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Curriculum in the 21st Century
Rebecca Reeder

The term “21st Century learning” is used constantly.   What does it mean?   More active learning, classrooms designed to allow for movement and collaboration, project-based work, creativity, innovation, etc.  Nardin is certainly involved in bringing this learning to our students through newly designed classrooms, DaVinci period in our elementary school, robotics, and so much more.  While we hear all of this, what about the curriculum and how is it designed to provide for these new learning approaches?

Curriculum needs to develop understanding, present authentic tasks that promote meaningful learning and build critical thinking skills.  Montessori is a key example of active learning and 21st century skill development.  Observing their classrooms, one sees students at such young ages collaborating on a task, working independently after receiving a lesson, meeting with a teacher if they are unsure of something or just in need of touching base.  This year the faculty at Montessori developed “Wonderful Wacky Wednesdays”.  The kindergarten students spend a good portion of their day experiencing new ideas and skills.  Recently, they heard their teachers talk about portraits and self-portraits and reviewed books showing examples of each.  This was followed by their producing portraits of each other and self-portraits, too.  Incredible!  They took this work seriously, asked important questions and were able to produce something that has introduced them to a new talent/skill that they had not experienced before. They improved their critical thinking skills by honing their observation of other people and themselves, and this work brought to light their perspective of differences in others and how these differences make each of us special and unique.

Our elementary school makes great use of DaVinci Fridays, allowing them to enhance their curriculum and work on 21st Century learning.  Kindergarten and 4th grade worked collaboratively on an “engineering” activity basing their focus on STEM challenges.  One week they built snowmen with newspaper and toilet paper.  Another week they worked in teams to build a house for a little pig that could survive the huff and puff of the big bad wolf.  And in the spirit of the Olympics, they designed snowboarders with pipe cleaners and popsicle sticks and test their ability to snowboard down a slope.  (Our future engineers??? Certainly could be!!!)  Still in 4th grade, the team is working on a STEM project called the Pinewood Derby.  Students will be learning about speed and motion in science.  They will build, sand, and paint mini cars that represent specific countries in the Olympic Games.  At the end of the unit, they plan to race them on an aluminum track in the elementary gym in a Pinewood Derby!  And, not to be outdone, the Grade 8 ELA class has used the app Padlet to share ideas on how the Holocaust could have happened.  Padlet is like an online sheet of paper where people can share their ideas.  Students used evidence from the book Parallel Journeys to share ideas on Padlet that they will use to write their concluding essays.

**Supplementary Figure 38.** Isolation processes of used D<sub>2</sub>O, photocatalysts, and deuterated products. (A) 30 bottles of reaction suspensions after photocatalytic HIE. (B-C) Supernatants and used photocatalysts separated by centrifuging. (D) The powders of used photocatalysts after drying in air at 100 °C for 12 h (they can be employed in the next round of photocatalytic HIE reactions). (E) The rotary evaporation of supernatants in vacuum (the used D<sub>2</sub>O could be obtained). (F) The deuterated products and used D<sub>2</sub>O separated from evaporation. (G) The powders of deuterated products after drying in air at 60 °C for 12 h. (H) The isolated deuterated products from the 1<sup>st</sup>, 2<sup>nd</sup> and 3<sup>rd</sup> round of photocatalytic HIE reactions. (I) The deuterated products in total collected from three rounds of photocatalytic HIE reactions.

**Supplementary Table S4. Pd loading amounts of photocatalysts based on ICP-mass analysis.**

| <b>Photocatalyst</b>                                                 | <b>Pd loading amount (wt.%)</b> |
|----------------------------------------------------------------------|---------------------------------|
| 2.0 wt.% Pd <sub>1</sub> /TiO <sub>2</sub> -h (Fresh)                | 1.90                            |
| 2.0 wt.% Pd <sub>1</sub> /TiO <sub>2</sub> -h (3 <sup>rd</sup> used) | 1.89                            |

High school is busy, too, with project-based learning and involving authentic audiences.  Hack-A-Thon was a full day invention-a-thon where members from the community worked with our computer science students to develop apps that solve real-world problems!  Seniors in the Environmental Science classes pitched to folks from 43North their app creations that promote sustainability.  They impressed their outside audience with their knowledge and creativity for some of these apps might be realized!  And, Culinary Justice day involved students researching the history of slave culture and BBQ learning how food shapes our sense of where we come from.  They then prepared food for the Nardin community using techniques that slaves historically used.  All of these projects were not had real audiences and students actively invested in the process of learning.

In researching and reading about how to prepare students for today’s world and the futures they will be facing, Nardin, while maintaining our strong academics is encompassing the elements our students will need.  We are committed to providing opportunities for faculty to engage in professional development that will enable them to employ new techniques and skills to make learning authentic and insure that we are developing our 21st century learners.  Each one of the schools is doing good work and preparing these young people to do “amazing things” in this world.

Rebecca R. Reeder

As the Senior Vice President for Academics at Nardin Academy, Mrs. Reeder has served the school for 36 years in a variety of capacities including biology teacher, guidance counselor, and high school principal for 25 years. Rebecca’s passion lies in witnessing and celebrating the success of students and faculty. As she says, “when one of us succeeds, we all succeed.”

Questions or Comments?
Contact Rebecca R. Reeder at 716-881-6262 x1230 or